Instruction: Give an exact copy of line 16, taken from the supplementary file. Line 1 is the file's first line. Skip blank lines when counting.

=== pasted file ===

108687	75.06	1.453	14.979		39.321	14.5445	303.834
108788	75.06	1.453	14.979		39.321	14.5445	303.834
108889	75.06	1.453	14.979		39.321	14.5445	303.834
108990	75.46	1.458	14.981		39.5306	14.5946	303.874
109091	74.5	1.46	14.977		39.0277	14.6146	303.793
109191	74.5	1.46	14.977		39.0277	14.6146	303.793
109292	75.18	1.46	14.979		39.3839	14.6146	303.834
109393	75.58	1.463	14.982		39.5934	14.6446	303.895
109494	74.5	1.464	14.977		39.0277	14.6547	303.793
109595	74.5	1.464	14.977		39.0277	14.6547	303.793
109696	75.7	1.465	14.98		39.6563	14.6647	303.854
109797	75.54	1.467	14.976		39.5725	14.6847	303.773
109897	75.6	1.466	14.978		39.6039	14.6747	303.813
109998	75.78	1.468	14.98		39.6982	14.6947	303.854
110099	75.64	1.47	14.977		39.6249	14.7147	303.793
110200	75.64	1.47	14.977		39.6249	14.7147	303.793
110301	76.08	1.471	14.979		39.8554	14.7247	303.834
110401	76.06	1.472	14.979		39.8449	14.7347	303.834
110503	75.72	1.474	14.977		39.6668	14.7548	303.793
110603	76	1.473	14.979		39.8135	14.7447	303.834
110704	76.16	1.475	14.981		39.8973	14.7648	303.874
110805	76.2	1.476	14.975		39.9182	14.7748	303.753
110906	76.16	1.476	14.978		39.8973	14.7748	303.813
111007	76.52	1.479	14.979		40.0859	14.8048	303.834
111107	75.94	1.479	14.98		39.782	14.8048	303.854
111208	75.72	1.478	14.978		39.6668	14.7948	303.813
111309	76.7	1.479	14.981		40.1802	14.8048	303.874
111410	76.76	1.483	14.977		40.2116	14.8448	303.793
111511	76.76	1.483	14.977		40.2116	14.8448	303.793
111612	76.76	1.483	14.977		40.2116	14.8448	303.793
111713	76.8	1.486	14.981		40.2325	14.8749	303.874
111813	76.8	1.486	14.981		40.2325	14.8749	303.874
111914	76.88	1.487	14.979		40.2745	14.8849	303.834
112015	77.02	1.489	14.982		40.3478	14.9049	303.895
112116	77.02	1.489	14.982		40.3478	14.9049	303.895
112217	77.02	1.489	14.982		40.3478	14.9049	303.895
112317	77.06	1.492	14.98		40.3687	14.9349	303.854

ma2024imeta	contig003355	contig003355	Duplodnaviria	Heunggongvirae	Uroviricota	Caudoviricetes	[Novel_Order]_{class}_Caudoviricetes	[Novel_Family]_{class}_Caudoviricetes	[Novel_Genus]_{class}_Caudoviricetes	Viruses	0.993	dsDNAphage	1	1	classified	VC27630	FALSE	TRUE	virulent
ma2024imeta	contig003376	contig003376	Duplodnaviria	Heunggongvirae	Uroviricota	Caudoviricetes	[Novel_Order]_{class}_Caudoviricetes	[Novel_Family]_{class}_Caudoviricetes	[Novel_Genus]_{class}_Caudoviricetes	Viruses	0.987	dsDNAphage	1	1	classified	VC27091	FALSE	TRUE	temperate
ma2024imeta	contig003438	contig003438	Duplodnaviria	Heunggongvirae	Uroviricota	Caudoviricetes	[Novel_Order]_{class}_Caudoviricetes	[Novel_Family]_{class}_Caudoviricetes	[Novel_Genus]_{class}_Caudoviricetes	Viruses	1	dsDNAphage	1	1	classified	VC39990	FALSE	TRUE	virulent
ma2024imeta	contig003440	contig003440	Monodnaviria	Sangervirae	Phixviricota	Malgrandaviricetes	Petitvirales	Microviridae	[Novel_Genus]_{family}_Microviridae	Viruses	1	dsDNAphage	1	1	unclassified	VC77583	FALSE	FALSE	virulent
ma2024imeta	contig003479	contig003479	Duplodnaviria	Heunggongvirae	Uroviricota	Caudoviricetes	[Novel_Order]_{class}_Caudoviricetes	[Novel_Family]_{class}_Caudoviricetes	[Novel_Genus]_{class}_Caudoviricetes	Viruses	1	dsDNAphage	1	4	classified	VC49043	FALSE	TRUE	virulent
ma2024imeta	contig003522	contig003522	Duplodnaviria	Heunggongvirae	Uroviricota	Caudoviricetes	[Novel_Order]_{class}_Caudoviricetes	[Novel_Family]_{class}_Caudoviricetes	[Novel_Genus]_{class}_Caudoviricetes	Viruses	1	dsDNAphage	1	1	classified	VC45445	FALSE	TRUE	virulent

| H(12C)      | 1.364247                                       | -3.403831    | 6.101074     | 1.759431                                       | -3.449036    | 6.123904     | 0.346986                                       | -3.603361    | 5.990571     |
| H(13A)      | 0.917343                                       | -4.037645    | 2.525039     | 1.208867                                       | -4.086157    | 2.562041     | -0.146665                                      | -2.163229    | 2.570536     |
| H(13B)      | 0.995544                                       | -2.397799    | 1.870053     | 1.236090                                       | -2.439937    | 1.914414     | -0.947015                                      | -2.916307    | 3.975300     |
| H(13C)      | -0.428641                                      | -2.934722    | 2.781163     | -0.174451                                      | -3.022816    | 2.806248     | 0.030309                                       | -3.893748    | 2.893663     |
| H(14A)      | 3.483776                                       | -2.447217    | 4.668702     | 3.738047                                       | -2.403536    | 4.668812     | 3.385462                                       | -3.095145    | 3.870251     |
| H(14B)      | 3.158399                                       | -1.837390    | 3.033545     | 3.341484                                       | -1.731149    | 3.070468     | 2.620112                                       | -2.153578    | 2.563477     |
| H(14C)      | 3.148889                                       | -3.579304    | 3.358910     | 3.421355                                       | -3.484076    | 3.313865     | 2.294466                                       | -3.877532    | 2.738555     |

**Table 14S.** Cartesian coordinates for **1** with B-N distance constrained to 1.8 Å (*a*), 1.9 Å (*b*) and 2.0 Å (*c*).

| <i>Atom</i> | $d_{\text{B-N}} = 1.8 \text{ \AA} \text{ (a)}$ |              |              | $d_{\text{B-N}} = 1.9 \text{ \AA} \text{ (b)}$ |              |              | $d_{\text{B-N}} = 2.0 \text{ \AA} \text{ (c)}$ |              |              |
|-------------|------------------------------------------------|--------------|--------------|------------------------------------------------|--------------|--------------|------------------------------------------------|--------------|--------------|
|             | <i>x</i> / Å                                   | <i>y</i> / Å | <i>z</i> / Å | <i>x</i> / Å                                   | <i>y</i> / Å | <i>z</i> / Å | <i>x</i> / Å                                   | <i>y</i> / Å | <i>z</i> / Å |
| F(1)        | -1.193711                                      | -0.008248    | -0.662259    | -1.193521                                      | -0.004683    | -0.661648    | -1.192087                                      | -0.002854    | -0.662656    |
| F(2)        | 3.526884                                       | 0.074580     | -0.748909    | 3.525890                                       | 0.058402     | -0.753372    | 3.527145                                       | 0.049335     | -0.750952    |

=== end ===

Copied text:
110200	75.64	1.47	14.977		39.6249	14.7147	303.793